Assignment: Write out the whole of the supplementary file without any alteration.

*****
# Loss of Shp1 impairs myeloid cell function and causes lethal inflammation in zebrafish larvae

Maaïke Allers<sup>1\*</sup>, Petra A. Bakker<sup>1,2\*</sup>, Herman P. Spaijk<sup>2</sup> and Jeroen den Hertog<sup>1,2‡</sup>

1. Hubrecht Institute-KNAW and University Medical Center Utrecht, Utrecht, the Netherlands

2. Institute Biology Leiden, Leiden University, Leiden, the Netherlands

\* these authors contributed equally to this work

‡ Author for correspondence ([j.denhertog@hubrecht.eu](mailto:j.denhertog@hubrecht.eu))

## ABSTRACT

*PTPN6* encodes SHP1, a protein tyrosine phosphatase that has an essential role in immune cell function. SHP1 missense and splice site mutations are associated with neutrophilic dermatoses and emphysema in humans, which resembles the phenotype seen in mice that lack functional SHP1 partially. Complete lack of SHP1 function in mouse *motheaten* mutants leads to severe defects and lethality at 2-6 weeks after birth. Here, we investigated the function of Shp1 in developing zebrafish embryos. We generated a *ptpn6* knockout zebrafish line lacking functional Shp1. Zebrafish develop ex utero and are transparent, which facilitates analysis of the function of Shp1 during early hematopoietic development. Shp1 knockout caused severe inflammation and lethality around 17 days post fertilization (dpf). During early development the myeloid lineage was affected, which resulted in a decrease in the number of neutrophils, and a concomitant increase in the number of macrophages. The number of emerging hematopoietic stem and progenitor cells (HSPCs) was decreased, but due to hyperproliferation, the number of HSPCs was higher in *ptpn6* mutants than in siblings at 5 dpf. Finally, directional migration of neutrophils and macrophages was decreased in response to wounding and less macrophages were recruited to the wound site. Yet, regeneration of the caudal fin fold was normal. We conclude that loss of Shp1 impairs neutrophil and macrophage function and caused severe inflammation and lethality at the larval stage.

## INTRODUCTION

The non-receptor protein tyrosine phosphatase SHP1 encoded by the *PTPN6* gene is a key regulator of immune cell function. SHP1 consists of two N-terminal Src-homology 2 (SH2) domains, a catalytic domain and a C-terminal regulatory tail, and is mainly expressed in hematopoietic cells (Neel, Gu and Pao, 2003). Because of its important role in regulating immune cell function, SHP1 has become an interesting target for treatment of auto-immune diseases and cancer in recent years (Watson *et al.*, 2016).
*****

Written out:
# Loss of Shp1 impairs myeloid cell function and causes lethal inflammation in zebrafish larvae

Maaïke Allers<sup>1\*</sup>, Petra A. Bakker<sup>1,2\*</sup>, Herman P. Spaijk<sup>2</sup> and Jeroen den Hertog<sup>1,2‡</sup>

1. Hubrecht Institute-KNAW and University Medical Center Utrecht, Utrecht, the Netherlands

2. Institute Biology Leiden, Leiden University, Leiden, the Netherlands

\* these authors contributed equally to this work

‡ Author for correspondence ([j.denhertog@hubrecht.eu](mailto:j.denhertog@hubrecht.eu))

## ABSTRACT

*PTPN6* encodes SHP1, a protein tyrosine phosphatase that has an essential role in immune cell function. SHP1 missense and splice site mutations are associated with neutrophilic dermatoses and emphysema in humans, which resembles the phenotype seen in mice that lack functional SHP1 partially. Complete lack of SHP1 function in mouse *motheaten* mutants leads to severe defects and lethality at 2-6 weeks after birth. Here, we investigated the function of Shp1 in developing zebrafish embryos. We generated a *ptpn6* knockout zebrafish line lacking functional Shp1. Zebrafish develop ex utero and are transparent, which facilitates analysis of the function of Shp1 during early hematopoietic development. Shp1 knockout caused severe inflammation and lethality around 17 days post fertilization (dpf). During early development the myeloid lineage was affected, which resulted in a decrease in the number of neutrophils, and a concomitant increase in the number of macrophages. The number of emerging hematopoietic stem and progenitor cells (HSPCs) was decreased, but due to hyperproliferation, the number of HSPCs was higher in *ptpn6* mutants than in siblings at 5 dpf. Finally, directional migration of neutrophils and macrophages was decreased in response to wounding and less macrophages were recruited to the wound site. Yet, regeneration of the caudal fin fold was normal. We conclude that loss of Shp1 impairs neutrophil and macrophage function and caused severe inflammation and lethality at the larval stage.

## INTRODUCTION

The non-receptor protein tyrosine phosphatase SHP1 encoded by the *PTPN6* gene is a key regulator of immune cell function. SHP1 consists of two N-terminal Src-homology 2 (SH2) domains, a catalytic domain and a C-terminal regulatory tail, and is mainly expressed in hematopoietic cells (Neel, Gu and Pao, 2003). Because of its important role in regulating immune cell function, SHP1 has become an interesting target for treatment of auto-immune diseases and cancer in recent years (Watson *et al.*, 2016).